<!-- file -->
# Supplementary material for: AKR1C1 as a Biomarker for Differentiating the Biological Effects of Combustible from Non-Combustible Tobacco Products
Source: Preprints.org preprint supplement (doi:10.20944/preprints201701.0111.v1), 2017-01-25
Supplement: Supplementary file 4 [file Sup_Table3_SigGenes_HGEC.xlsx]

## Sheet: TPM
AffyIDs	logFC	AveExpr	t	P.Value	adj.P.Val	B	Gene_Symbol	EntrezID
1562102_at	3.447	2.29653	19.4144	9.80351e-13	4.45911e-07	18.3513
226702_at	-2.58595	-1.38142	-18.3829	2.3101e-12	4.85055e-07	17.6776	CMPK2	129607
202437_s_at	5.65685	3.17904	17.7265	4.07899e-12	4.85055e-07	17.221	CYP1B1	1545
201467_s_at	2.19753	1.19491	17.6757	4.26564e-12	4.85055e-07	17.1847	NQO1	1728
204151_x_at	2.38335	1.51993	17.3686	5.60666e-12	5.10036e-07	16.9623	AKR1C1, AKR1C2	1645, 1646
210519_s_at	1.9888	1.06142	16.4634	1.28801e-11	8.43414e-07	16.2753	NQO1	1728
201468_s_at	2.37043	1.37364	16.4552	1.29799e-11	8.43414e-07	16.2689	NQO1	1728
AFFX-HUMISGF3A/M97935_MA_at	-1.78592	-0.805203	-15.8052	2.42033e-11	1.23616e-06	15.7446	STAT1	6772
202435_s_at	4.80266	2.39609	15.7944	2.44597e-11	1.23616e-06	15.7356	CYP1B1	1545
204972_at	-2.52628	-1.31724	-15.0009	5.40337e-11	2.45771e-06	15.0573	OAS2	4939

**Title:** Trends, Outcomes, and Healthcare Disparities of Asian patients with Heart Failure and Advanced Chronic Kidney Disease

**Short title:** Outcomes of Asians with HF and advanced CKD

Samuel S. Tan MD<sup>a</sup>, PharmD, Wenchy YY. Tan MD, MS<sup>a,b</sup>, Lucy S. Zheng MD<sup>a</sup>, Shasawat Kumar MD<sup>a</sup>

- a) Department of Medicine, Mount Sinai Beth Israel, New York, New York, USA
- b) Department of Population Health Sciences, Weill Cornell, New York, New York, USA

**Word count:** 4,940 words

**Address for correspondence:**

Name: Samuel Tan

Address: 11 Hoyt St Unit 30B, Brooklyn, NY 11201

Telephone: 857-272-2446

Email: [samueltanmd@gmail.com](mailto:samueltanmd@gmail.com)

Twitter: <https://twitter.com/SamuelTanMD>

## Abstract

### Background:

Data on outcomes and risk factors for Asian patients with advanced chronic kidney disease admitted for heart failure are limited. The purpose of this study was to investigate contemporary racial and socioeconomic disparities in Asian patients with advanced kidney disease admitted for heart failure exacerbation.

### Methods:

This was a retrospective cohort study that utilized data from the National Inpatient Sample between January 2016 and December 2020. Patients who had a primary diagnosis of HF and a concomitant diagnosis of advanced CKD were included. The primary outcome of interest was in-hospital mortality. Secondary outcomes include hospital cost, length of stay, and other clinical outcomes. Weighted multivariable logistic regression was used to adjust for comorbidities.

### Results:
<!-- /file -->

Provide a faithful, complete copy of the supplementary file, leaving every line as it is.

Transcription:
# Supplementary material for: AKR1C1 as a Biomarker for Differentiating the Biological Effects of Combustible from Non-Combustible Tobacco Products
Source: Preprints.org preprint supplement (doi:10.20944/preprints201701.0111.v1), 2017-01-25
Supplement: Supplementary file 4 [file Sup_Table3_SigGenes_HGEC.xlsx]

## Sheet: TPM
AffyIDs	logFC	AveExpr	t	P.Value	adj.P.Val	B	Gene_Symbol	EntrezID
1562102_at	3.447	2.29653	19.4144	9.80351e-13	4.45911e-07	18.3513
226702_at	-2.58595	-1.38142	-18.3829	2.3101e-12	4.85055e-07	17.6776	CMPK2	129607
202437_s_at	5.65685	3.17904	17.7265	4.07899e-12	4.85055e-07	17.221	CYP1B1	1545
201467_s_at	2.19753	1.19491	17.6757	4.26564e-12	4.85055e-07	17.1847	NQO1	1728
204151_x_at	2.38335	1.51993	17.3686	5.60666e-12	5.10036e-07	16.9623	AKR1C1, AKR1C2	1645, 1646
210519_s_at	1.9888	1.06142	16.4634	1.28801e-11	8.43414e-07	16.2753	NQO1	1728
201468_s_at	2.37043	1.37364	16.4552	1.29799e-11	8.43414e-07	16.2689	NQO1	1728
AFFX-HUMISGF3A/M97935_MA_at	-1.78592	-0.805203	-15.8052	2.42033e-11	1.23616e-06	15.7446	STAT1	6772
202435_s_at	4.80266	2.39609	15.7944	2.44597e-11	1.23616e-06	15.7356	CYP1B1	1545
204972_at	-2.52628	-1.31724	-15.0009	5.40337e-11	2.45771e-06	15.0573	OAS2	4939

**Title:** Trends, Outcomes, and Healthcare Disparities of Asian patients with Heart Failure and Advanced Chronic Kidney Disease

**Short title:** Outcomes of Asians with HF and advanced CKD

Samuel S. Tan MD<sup>a</sup>, PharmD, Wenchy YY. Tan MD, MS<sup>a,b</sup>, Lucy S. Zheng MD<sup>a</sup>, Shasawat Kumar MD<sup>a</sup>

- a) Department of Medicine, Mount Sinai Beth Israel, New York, New York, USA
- b) Department of Population Health Sciences, Weill Cornell, New York, New York, USA

**Word count:** 4,940 words

**Address for correspondence:**

Name: Samuel Tan

Address: 11 Hoyt St Unit 30B, Brooklyn, NY 11201

Telephone: 857-272-2446

Email: [samueltanmd@gmail.com](mailto:samueltanmd@gmail.com)

Twitter: <https://twitter.com/SamuelTanMD>

## Abstract

### Background:

Data on outcomes and risk factors for Asian patients with advanced chronic kidney disease admitted for heart failure are limited. The purpose of this study was to investigate contemporary racial and socioeconomic disparities in Asian patients with advanced kidney disease admitted for heart failure exacerbation.

### Methods:

This was a retrospective cohort study that utilized data from the National Inpatient Sample between January 2016 and December 2020. Patients who had a primary diagnosis of HF and a concomitant diagnosis of advanced CKD were included. The primary outcome of interest was in-hospital mortality. Secondary outcomes include hospital cost, length of stay, and other clinical outcomes. Weighted multivariable logistic regression was used to adjust for comorbidities.

### Results: